This article, written by Carolyn Phenicie, originally appeared in The 74 Million.

The ongoing fight over whether school choice fuels segregation is really about power and control, black school choice advocates argued Monday in the latest exchange over the role of vouchers, charters, and other school choice efforts.
“This is about power and control. The fact of the matter is [American Federation of Teachers President] Randi [Weingarten] is doing what she can do so that the people she represents can maintain control and power over a system,” Howard Fuller, a professor at Marquette University and founding president of the Black Alliance for Educational Options, said on a call with reporters.

The call was organized by the American Federation for Children, the school choice advocacy group founded by Education Secretary Betsy DeVos.

The more students — and, consequently, funding — that stay in traditional public schools, versus charters or private choice programs, the more unionized teachers report and pay dues to Weingarten and other union leaders, he said. Reducing those numbers means diminished power in the political sphere, he added.

“This whole thing is about whose interests are being served,” Fuller said.

The debate, which pits school choice supporters against union leaders, progressive advocates, and some congressional Democrats, is ostensibly about segregation. It began two weeks ago, when the Center for American Progress released a report on the “racist origins of private school vouchers.”

It exploded last week when Weingarten in a speech during the AFT’s national conference pointed to schools in Virginia that closed and gave vouchers to white students rather than integrate in the wake of Brown v. Board of Education.

Private schools’ exemption from civil rights laws, plus disinvestment in public schools, “are only slightly more polite cousins of segregation,” she said.

Weingarten is willfully disregarding history, said Kevin P. Chavous, an AFC board member and former Washington, D.C., city councilman.

“History didn’t just start last week or 20 years ago. The private school reality for most American children of color started because black folks weren’t getting a fair shake in traditional public schools,” he said.

In response to a request for comment from The 74, an AFT spokesman responding on background pointed to Weingarten’s speech, which he said makes clear the history of segregation and vouchers.

“Make no mistake: The ‘real pioneers’ of private school choice were the white politicians who resisted school integration. But neither facts nor history seems to matter to this administration,” Weingarten said. The “pioneers” of choice is a reference to DeVos’s since-walked-back comment that historically black colleges, a consequence of Jim Crow–era segregation, were in the vanguard of school choice.

Derrell Bradford, executive vice president of 50CAN, executive director of NYCAN, and a contributor to The 74, rejected the idea that someone could be for both integration and the primacy of the neighborhood public school, given how public schools are so tied to the housing system, with its own racist origins.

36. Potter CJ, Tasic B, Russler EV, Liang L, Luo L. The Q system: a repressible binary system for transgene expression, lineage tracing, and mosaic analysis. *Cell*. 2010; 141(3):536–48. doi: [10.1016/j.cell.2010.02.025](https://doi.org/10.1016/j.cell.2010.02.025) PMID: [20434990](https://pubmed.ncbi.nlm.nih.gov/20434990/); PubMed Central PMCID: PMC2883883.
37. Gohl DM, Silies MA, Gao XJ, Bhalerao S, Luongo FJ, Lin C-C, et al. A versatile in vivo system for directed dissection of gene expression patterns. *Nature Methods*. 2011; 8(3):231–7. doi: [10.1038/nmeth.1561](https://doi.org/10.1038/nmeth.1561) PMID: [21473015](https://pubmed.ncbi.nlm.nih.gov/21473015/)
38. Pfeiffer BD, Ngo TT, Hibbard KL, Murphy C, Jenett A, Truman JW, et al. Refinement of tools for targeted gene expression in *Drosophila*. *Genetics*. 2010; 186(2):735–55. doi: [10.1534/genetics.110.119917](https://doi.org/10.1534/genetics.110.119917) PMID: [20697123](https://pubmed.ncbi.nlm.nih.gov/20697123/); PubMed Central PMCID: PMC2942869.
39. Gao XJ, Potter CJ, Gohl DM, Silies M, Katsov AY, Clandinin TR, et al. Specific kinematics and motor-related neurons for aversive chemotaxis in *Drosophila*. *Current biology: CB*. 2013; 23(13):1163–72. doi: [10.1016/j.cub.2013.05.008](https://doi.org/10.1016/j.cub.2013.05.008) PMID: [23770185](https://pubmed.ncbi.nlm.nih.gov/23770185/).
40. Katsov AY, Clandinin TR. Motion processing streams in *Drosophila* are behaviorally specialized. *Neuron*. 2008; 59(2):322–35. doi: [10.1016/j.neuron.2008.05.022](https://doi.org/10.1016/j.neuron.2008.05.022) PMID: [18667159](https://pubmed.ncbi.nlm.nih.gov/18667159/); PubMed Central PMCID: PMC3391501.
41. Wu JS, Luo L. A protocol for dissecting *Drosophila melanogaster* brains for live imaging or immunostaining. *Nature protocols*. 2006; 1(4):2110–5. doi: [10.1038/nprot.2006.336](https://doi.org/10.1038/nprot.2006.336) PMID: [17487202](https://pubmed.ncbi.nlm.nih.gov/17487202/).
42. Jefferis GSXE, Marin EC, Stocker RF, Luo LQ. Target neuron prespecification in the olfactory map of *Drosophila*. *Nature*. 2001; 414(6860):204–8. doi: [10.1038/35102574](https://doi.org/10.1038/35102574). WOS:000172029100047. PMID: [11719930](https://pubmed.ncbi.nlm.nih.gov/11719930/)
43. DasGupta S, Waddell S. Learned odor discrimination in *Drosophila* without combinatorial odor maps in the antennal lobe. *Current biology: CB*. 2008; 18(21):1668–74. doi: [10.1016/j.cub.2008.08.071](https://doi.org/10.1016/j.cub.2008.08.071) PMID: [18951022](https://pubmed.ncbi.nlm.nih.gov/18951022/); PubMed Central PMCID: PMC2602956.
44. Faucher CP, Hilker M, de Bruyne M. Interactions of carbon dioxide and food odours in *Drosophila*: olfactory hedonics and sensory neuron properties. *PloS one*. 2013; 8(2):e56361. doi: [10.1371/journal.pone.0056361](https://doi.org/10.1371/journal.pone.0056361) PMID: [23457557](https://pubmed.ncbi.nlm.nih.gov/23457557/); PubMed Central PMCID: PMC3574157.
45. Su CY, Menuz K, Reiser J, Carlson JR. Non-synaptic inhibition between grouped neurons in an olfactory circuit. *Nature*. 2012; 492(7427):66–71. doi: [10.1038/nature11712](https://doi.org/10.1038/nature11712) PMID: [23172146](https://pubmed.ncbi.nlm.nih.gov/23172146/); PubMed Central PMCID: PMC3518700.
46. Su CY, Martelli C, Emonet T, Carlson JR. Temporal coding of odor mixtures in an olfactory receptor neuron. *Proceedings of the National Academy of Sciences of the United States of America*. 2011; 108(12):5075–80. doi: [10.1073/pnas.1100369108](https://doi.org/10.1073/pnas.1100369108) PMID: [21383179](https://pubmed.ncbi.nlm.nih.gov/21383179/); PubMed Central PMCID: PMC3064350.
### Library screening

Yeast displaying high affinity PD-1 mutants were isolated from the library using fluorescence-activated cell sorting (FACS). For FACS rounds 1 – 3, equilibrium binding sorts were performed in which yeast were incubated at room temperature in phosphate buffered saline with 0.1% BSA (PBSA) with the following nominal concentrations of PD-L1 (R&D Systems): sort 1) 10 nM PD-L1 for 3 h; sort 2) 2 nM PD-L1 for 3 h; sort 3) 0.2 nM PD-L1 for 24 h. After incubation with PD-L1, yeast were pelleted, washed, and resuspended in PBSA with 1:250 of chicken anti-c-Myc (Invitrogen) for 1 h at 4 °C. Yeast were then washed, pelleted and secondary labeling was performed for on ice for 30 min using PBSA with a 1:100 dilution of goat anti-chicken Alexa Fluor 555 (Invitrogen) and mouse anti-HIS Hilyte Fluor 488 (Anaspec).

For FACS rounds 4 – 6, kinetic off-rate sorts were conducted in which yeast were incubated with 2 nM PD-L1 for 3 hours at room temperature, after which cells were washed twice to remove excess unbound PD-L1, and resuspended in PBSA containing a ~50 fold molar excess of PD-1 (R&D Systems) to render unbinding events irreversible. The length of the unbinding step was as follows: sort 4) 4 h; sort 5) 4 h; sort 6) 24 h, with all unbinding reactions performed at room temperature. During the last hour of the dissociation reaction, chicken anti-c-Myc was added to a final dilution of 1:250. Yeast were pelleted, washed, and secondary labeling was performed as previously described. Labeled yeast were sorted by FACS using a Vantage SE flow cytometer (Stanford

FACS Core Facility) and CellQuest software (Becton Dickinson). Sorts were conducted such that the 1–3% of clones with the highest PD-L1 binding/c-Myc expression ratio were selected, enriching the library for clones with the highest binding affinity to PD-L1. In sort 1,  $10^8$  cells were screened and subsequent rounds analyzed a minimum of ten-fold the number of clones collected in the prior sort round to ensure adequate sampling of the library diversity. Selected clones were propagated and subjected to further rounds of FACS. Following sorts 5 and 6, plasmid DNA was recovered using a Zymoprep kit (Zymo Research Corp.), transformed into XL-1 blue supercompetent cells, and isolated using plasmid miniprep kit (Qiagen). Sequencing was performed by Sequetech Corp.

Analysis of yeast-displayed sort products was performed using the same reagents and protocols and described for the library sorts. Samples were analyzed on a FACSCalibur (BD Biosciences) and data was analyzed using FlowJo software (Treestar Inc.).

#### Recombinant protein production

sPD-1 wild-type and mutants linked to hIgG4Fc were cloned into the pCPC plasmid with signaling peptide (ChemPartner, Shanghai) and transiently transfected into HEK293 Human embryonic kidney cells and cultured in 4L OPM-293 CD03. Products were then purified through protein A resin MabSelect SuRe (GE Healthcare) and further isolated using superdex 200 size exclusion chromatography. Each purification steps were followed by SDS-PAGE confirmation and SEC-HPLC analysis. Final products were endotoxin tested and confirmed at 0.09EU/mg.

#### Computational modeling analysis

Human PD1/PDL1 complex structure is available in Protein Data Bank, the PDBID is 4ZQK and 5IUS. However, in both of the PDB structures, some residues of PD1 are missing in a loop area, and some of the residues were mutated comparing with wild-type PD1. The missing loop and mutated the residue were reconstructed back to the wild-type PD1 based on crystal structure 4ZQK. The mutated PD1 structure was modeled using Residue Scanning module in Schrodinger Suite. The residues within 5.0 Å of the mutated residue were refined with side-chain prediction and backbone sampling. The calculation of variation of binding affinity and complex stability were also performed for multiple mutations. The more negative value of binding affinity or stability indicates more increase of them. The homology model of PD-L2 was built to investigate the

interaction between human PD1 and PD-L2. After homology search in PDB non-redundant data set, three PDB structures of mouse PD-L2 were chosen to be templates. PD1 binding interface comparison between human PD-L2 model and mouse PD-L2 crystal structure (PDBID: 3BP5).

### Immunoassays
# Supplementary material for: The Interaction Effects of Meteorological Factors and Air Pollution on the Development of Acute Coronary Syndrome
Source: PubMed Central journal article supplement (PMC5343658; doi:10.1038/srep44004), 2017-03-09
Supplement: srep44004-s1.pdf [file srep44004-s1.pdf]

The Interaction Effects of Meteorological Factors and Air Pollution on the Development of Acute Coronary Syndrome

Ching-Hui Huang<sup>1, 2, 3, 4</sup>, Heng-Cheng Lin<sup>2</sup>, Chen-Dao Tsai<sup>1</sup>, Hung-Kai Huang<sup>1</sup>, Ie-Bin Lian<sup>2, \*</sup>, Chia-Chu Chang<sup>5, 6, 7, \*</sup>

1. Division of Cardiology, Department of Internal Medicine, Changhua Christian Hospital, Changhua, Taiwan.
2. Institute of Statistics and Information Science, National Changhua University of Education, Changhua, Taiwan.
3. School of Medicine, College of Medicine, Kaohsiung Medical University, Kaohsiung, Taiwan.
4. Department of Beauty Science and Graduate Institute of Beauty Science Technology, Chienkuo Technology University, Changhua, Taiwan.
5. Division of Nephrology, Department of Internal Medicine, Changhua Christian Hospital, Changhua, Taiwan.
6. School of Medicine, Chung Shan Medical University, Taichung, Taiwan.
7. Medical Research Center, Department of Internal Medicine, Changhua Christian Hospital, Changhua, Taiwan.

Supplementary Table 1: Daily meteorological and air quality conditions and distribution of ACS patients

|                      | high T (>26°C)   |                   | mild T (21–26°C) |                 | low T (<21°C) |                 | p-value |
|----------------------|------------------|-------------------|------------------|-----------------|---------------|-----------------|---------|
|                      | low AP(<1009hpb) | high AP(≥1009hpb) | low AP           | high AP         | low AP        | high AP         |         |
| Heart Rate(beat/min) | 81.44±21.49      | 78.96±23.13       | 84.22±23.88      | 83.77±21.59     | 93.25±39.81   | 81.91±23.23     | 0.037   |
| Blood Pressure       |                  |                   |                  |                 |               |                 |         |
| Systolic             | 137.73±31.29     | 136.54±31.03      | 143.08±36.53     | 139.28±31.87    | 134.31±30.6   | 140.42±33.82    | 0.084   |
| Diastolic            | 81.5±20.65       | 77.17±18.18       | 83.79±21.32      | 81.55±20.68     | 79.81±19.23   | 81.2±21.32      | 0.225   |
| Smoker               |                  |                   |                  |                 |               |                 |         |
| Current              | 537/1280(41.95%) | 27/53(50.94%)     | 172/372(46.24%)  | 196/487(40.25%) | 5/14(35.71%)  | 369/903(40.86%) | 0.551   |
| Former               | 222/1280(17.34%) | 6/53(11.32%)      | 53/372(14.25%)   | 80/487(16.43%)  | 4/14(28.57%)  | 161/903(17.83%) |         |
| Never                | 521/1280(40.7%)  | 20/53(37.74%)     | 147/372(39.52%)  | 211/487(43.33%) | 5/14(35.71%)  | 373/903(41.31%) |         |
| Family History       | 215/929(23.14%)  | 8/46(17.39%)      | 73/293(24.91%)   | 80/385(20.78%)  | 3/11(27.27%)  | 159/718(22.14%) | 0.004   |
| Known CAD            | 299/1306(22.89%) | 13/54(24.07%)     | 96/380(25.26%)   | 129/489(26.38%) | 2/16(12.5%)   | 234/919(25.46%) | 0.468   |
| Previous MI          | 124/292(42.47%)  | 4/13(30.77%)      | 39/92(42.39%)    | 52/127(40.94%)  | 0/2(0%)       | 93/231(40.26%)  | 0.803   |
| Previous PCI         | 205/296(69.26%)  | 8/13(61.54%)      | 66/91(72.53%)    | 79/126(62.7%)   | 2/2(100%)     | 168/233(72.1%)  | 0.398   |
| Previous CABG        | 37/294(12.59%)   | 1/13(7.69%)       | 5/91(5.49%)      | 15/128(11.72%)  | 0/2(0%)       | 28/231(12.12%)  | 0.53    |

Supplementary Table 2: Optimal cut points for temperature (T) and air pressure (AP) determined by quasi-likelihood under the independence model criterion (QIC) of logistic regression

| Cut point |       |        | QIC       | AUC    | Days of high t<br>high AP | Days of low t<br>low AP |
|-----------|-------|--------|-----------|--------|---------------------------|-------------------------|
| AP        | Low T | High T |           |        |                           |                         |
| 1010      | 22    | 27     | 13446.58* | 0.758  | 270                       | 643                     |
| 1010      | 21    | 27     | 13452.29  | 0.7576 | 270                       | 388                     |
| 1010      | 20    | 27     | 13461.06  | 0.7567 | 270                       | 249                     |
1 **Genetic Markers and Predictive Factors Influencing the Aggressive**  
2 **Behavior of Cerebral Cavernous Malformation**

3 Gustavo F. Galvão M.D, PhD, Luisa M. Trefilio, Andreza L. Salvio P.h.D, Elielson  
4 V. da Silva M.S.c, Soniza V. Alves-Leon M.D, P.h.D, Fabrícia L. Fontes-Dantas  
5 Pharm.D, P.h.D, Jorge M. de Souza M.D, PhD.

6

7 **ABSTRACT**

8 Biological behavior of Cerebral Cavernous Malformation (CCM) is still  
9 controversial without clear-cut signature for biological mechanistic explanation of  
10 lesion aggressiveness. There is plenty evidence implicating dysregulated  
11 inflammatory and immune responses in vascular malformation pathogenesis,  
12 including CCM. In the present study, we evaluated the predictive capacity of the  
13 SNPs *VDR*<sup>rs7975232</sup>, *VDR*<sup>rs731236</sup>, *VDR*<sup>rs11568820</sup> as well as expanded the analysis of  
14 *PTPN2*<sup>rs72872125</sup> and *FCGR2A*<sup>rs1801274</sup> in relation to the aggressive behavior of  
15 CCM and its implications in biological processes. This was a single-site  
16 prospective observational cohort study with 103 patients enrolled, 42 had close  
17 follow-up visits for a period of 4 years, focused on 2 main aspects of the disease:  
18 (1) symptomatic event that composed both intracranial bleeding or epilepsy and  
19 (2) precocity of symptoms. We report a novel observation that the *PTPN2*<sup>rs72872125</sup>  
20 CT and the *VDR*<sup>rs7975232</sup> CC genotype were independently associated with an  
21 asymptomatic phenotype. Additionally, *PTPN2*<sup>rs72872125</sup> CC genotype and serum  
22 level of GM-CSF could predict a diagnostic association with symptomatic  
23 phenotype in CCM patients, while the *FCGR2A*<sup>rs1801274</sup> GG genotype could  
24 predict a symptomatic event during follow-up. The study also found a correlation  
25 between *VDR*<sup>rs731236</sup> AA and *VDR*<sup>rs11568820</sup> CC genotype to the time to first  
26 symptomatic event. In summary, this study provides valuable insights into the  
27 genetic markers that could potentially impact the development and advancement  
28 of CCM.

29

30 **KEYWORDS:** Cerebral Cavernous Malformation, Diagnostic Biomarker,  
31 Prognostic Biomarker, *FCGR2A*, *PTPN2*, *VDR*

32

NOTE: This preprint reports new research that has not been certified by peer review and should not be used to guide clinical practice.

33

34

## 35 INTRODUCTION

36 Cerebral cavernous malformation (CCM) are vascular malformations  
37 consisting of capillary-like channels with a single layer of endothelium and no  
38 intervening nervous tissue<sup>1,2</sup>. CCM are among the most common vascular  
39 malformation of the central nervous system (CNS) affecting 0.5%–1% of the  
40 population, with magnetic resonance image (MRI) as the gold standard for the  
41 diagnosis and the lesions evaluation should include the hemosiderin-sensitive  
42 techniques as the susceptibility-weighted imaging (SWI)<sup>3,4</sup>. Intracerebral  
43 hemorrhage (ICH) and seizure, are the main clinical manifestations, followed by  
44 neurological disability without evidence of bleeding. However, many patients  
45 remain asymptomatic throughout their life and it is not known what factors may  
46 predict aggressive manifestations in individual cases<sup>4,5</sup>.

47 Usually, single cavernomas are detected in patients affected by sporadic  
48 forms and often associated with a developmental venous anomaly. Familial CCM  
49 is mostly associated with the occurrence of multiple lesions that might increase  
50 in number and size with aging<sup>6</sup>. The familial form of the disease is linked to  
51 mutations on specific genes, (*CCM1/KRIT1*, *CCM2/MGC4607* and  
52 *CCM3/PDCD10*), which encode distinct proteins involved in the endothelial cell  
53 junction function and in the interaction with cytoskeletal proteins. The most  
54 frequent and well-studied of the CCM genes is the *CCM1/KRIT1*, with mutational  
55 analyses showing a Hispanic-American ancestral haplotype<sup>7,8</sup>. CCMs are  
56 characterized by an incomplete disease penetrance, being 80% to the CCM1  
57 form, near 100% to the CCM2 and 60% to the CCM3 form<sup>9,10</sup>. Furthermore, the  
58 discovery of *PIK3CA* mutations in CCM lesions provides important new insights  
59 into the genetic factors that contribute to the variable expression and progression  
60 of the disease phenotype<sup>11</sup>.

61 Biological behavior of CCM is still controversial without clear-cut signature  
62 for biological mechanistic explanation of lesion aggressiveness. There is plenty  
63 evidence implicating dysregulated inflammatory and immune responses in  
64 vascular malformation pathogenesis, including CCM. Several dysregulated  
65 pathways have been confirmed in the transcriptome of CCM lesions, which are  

The New Jersey constitution has a provision banning school segregation, yet housing policy has left it with some of the most segregated schools in the nation. And New York City, where Weingarten once led the local union, should have some of the most diverse schools, given its population, but also has among the most segregated, Bradford said.

“The system that she advocates for … is actually the biggest, most pernicious engine of segregation in American culture. Period,” he said.

Weingarten acknowledged that not every public school is perfect, and many have been unequal based on race and class, and every school doesn’t work for every child, the AFT spokesman said.

“As far as I’m concerned, the only choice is: Do we as a nation strengthen and improve our public schools, or don’t we?,” Weingarten asked.

The advocates also rejected efforts to align school choice with President Donald Drumpf, who is widely unpopular with many communities of color.

School choice for black families was a battle that started before Drumpf was even born, Fuller said.

“We’re not going to be browbeaten by anyone trying to say because Donald Drumpf supports choice, that makes it a bad thing,” he said.

The AFT spokesman said DeVos talks about school choice constantly, so it’s not disingenuous to connect it to her and the Drumpf administration.

Although Drumpf and DeVos have advocated for school choice, prospects for a new federal program seem dim. But that doesn’t mean the fight is over, just as it hasn’t ended for the past three decades, the advocates said.

The NAACP is set to release a report Wednesday on charter schools after the group last fall called for a moratorium on the authorization of new charter schools.

It’s no accident that Weingarten made her remarks within a week of the NAACP report release, and that should be a wake-up to charter advocates that the struggle really is about all school choice, not just private school options, Bradford said.

The advocates on the call argued that it’s fine for the NAACP to stake a position that is not supportive of charters, and that the organization doesn’t speak for all black families. Thousands of black parents are still choosing to send their children to charter schools, they said.

“No one group, no one person has the right to declare itself the education decider or the gatekeeper for black parents,” Chavous said. “I think that irrespective of what the NAACP says, school choice is still black choice.”


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